1 Farnham on Water and Water–Rights at pages 848–851 makes the pithy statement, “ ‘․ the contract of the water company is to furnish water and not to extinguish the fire․’ ” (Niehaus Bros. Co. v. Contra Costa Etc. Co., supra, 159 Cal. at p. 318, 113 P. 375.) “ ‘․ Damages must be such as were in the contemplation of the parties; and it certainly cannot be claimed that for the meager remuneration received a water company undertakes to make good the loss which would result from the destruction of a modern city by fire. And the principle applies equally to the destruction of any part of it․’ ” (Ibid.)
If the Lowenschusses were correct, “then in all these instances a public [gas] company is assuming liability practically as an insurer of millions of dollars worth of property upon which, either from the nature of the business conducted on the premises or the locality in which the property is situated, an insurance company itself would not think of assuming the risk.” (Niehaus Bros. Co. v. Contra Costa Etc. Co., supra, 159 Cal. at p. 321, 113 P. 375.) Such a company may be held responsible for the risk of liability in damages for loss suffered by fire only where it enters into an express contract with the consumer for such specific risks. (Id., at pp. 322–323, 113 P. 375; and see Gelhaus v. Nevada Irrigation Dist. (1955) 43 Cal.2d 779, 782, 278 P.2d 689; Stuart v. Crestview Mut. Water Co. (1973) 34 Cal.App.3d 802, 806, 809, 110 Cal.Rptr. 543; Luis v. Orcutt Town Water Co. (1962) 204 Cal.App.2d 433, 437–440, 22 Cal.Rptr. 389; Lainer Investments v. Department of Water & Power (1985) 170 Cal.App.3d 1, 9–15, 215 Cal.Rptr. 812; see also Annot. (1925) 38 A.L.R. 505–509, 515, 526–528, §§ 24, 25, 27; Prosser & Keeton, Torts (5th ed. 1984) § 93, p. 671.)
In H.R. Moch Co. v. Rensselaer Water Co. (1928) 247 N.Y. 160, 159 N.E. 896, Justice Cardozo similarly explained that “[n]o legal duty rests upon a city to supply its inhabitants with protection against fire [through the water company].” (159 N.E. at p. 897.) Duty attaches only if the contract for such service is not merely generalized to all members of the public but is so “primary and immediate” and “to such a degree as to bespeak the assumption of a duty to make reparation directly to the individual․” (Ibid.)
Justice Cardozo pointed out that “[t]he field of obligation would be expanded beyond reasonable limits if less than this were to be demanded as a condition of liability.” (H.R. Moch Co. v. Rensselaer Water Co., supra, 159 N.E. at p. 897.) “An intention to assume an obligation of indefinite extension to every member of the public is seen to be the more improbable when we recall the crushing burden that the obligation would impose. [Citation.]” (Id., at pp. 897–898.) “ ‘The law does not spread its protection so far.’ ” (Id., at p. 897, citing Robins Dry Dock & Repair Co. v. Flint (1927) 275 U.S. 303, 48 S.Ct. 134, 72 L.Ed. 290.)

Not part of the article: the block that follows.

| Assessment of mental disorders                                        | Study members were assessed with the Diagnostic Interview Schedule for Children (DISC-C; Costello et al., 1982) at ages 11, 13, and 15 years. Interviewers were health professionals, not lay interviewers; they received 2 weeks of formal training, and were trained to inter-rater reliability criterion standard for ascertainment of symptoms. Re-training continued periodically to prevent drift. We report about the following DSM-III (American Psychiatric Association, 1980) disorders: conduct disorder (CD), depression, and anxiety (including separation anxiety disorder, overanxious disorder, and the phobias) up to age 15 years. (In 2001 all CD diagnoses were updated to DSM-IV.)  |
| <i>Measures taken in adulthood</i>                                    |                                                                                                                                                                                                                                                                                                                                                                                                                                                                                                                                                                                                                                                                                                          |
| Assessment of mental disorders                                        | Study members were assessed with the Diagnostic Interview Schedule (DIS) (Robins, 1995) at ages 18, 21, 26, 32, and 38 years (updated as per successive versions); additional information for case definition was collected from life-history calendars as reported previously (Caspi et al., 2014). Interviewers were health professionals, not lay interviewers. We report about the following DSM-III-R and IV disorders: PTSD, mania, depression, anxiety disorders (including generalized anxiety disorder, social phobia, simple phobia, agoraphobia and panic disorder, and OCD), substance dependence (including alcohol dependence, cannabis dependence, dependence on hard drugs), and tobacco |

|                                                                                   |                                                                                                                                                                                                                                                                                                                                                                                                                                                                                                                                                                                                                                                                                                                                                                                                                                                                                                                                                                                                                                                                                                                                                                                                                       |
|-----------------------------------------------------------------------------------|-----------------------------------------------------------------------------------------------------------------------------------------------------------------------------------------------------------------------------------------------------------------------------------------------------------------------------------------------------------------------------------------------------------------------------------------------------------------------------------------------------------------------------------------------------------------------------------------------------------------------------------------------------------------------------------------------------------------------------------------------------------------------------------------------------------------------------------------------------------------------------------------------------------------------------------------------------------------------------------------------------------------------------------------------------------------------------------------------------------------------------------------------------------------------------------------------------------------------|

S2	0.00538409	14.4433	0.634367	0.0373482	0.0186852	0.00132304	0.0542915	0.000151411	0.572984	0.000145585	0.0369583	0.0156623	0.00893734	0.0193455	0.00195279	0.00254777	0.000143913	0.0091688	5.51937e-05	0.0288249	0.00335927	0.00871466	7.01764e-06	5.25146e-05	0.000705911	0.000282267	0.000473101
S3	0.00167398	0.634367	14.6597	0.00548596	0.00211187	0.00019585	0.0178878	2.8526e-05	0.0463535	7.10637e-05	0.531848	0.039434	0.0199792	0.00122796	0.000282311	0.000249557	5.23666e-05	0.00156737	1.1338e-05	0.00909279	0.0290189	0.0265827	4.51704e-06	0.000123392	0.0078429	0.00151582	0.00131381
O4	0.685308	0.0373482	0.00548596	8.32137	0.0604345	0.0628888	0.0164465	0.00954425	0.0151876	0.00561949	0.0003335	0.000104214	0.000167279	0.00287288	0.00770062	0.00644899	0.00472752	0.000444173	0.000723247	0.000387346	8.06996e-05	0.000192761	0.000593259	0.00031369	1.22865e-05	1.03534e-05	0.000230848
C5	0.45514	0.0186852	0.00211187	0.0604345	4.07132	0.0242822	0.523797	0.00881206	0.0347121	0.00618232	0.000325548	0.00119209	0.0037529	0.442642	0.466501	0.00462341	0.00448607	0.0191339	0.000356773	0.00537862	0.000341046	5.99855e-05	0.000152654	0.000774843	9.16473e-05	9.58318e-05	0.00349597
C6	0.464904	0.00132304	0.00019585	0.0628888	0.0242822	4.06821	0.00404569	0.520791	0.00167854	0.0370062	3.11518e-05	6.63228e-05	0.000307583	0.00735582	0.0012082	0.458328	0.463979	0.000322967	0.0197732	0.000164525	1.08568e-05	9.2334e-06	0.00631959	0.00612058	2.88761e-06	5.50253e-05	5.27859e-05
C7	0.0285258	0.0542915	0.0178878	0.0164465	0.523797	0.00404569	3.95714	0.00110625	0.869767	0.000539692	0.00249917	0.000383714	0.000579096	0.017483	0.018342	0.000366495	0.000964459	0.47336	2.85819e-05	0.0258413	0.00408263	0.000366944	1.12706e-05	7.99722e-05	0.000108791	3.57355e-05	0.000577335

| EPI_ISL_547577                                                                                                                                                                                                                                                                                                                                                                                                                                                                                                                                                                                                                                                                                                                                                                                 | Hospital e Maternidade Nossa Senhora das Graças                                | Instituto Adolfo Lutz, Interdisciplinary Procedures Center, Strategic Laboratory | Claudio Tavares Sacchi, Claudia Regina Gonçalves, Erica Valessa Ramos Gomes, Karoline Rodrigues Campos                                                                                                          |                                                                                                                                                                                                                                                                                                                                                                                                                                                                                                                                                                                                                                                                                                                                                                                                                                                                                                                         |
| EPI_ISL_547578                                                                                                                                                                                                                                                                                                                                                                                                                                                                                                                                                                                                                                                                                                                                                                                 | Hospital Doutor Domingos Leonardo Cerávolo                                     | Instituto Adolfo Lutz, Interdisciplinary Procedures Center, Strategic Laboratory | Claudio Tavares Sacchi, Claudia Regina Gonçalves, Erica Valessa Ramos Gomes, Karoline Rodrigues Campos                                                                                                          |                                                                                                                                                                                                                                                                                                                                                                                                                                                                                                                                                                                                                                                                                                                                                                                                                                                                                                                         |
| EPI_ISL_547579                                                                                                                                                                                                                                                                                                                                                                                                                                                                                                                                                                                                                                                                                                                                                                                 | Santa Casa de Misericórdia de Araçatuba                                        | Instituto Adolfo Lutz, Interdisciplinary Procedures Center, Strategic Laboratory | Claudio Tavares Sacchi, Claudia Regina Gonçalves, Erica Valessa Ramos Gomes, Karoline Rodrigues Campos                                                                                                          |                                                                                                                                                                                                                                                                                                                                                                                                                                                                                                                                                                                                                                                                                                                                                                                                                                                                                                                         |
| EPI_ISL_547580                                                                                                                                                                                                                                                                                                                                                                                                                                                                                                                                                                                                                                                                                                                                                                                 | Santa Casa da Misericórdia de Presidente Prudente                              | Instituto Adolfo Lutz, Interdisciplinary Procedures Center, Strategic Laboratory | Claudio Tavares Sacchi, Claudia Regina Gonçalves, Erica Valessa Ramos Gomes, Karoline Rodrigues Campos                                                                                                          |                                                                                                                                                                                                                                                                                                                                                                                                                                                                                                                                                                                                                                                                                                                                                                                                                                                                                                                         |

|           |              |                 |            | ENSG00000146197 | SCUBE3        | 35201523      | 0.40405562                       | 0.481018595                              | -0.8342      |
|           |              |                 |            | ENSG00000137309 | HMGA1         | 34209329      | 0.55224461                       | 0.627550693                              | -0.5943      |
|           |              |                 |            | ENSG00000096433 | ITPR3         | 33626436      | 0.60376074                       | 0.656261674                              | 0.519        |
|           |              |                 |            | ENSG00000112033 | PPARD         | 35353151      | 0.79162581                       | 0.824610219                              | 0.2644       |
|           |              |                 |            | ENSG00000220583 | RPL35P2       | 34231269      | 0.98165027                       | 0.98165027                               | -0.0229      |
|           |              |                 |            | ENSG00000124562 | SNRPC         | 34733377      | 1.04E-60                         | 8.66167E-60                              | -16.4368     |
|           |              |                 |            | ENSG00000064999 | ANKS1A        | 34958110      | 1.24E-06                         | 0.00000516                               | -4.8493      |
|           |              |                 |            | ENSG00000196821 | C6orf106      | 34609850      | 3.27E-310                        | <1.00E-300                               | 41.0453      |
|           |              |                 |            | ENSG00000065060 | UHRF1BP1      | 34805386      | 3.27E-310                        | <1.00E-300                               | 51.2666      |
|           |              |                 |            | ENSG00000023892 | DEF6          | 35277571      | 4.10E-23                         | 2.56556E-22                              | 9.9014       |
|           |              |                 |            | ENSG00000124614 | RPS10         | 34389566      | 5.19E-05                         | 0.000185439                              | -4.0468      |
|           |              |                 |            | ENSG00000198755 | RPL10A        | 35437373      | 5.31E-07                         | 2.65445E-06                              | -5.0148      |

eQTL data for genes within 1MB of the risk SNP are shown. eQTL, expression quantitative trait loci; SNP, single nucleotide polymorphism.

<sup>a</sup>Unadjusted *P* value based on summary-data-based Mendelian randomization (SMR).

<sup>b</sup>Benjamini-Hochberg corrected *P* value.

We differentiate this case from one in which a utility company has been notified of a specific defect or damage involving one of its lines. “Where the company knows the customer's line is defective—has leaks—it must take precautions according to [those] circumstances. [Citations.]” (Ambriz v. Petrolane Ltd. (1957) 49 Cal.2d 470, 478–479, 480, 319 P.2d 1, emphasis added [death from gas explosion and fire after company failed to inspect cabin outlets for leakage before filling butane gas tank at first delivery of season where company knew of valve leaks in some of cabins it serviced on the site]; see also Farrell v. New Jersey Power & Light Co. (1933) 170 A. 25, 29 [gas company held responsible where it had “both direct and constructive notice of leakage of gas from its main into the manhole in question․”]; Gerdes v. Pacific Gas & Electric Co. (1933) 219 Cal. 459, 27 P.2d 365 [upholding jury verdict against gas company for failing to timely respond to numerous calls regarding broken water lines which caused pavement to cave in and damage a particular gas service pipe thereby leaking gas into single house].)
In Ray v. Pacific Gas & Electric Co. (1934) 3 Cal.App.2d 329, 337–339, 39 P.2d 812, the gas company's liability was limited. The gas company offered to go to all homes it serviced in San Francisco to adjust gas appliances for new use of natural gas. Did this offer extend to damage occurring after a service call two weeks later to establish a single new service? The appellate court held the offer to adjust appliances was limited to existing customers; a later service call to turn on a gas meter did not require a thorough search of the premises to discover all appliances needing adjustment per the previous announcement.
The “big bang” theory which suggests that the universe is ever expanding is not applicable to the liability of the gas company.
The judgment is affirmed. Each side to bear its own costs.
1. The trial court had earlier sustained Company's demurrer to the Lowenschusses' initial complaint without leave to amend as to all causes of action except negligence. The Lowenschusses appeal only from the final judgment on the first amended complaint for negligence.
GILBERT, Associate Justice.
STEVEN J. STONE, P.J., and YEGAN, J., concur.